Kids eat right.

Does My Child Need A Supplement?

By Esther Ellis, MS, RDN, LDN
Supplement

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Vitamins and minerals are important for healthy growth and development in children. Children who eat a well-balanced diet usually do not need a vitamin or mineral supplement. However, some children are at risk for deficiencies and may need a supplement.

When to Supplement

Children who follow vegetarian or vegan diets may need to supplement with vitamin B12 since it's only found in animal-based foods. Children who have celiac disease are at a higher risk for nutritional deficiencies and may need supplements. Additionally, children who have a poor appetite, drink a lot of sugar-sweetened beverages, take certain medications or have chronic medical conditions that interfere with intake may need a supplement.

Important Considerations

Parents should strive for a well-rounded diet to ensure their child meets the daily recommended vitamin and mineral intakes. A balanced diet includes dairy or dairy alternatives, fruits and vegetables, whole grains and protein foods such as poultry, fish, eggs, nuts and legumes including beans and lentils. While all vitamins and minerals are important for growth and development, some are especially critical for children.

According to the American Academy of Pediatrics, most children do not get enough iron and calcium from their diets. Iron is found in beef, pork, turkey, beans and spinach. Iron helps build muscle and is needed to produce red blood cells. Signs of low iron levels include a lack of energy, nervousness and increased infections. Calcium is needed to grow healthy bones. It is found in milk, sardines and fortified plant-based beverages and juices, with smaller amounts in broccoli and spinach. A lack of calcium can lead to poor growth and osteoporosis later in life.

Other vitamins of concern are vitamin D, vitamin A and the B vitamins. Vitamin D controls the absorption of calcium and aids in the development of bones and teeth. Vitamin D is produced in the body after sunlight exposure and found in some foods, including fortified dairy and dairy alternatives, egg yolks and fish oils. Children who consume less than 32 ounces of vitamin D-fortified milk or dairy alternatives daily may need a supplement to meet recommended amounts. Excessive intake is not beneficial and drinking more than 32 ounces of milk can cause low iron in the body. B vitamins help with metabolism and energy and are found in animal products such as meat, eggs and dairy, as well as nuts, beans and soybeans. Vitamin A is important for normal growth and promotes healthy skin and eyes, immunity, and tissue and bone repair. Good sources include yellow and orange vegetables, milk, cheese and eggs.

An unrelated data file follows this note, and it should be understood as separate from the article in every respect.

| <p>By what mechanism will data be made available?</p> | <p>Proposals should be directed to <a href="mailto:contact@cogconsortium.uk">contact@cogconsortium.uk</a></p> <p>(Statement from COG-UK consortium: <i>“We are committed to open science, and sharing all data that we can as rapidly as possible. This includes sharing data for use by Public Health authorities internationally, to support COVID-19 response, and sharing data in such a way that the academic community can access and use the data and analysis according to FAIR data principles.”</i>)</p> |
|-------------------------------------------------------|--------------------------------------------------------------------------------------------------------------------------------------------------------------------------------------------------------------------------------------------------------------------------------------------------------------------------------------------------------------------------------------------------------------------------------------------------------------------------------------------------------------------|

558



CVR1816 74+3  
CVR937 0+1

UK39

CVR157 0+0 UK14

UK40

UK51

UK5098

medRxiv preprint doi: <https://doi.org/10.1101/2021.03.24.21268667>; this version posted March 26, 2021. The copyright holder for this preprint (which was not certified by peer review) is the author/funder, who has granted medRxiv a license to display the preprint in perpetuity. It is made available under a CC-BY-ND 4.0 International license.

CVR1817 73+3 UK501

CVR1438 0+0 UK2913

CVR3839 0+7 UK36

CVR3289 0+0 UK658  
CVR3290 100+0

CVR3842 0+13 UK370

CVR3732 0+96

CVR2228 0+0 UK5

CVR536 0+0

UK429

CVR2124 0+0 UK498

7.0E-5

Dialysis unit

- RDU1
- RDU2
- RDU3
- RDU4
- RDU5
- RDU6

Seek Advice First

Discuss supplements with your child's health care provider before giving them to your child. Taking large amounts of vitamins that exceed the recommended daily amount can be toxic and lead to symptoms such as nausea, headaches or diarrhea. Always store supplements out of reach from children. Thousands of children are taken to the emergency room each year after taking a vitamin or mineral while unsupervised. Supplement bottles are not required to have child-proof lids. In addition, supplement ingredients are not as closely monitored as prescription drugs by the Food and Drug Administration, so always practice caution when supplements are in the home with small children.

While there are circumstances when supplements may be needed, getting vitamins and minerals through food and drink should be the goal for growing children. If you feel your child may need a supplement, consult their health care provider.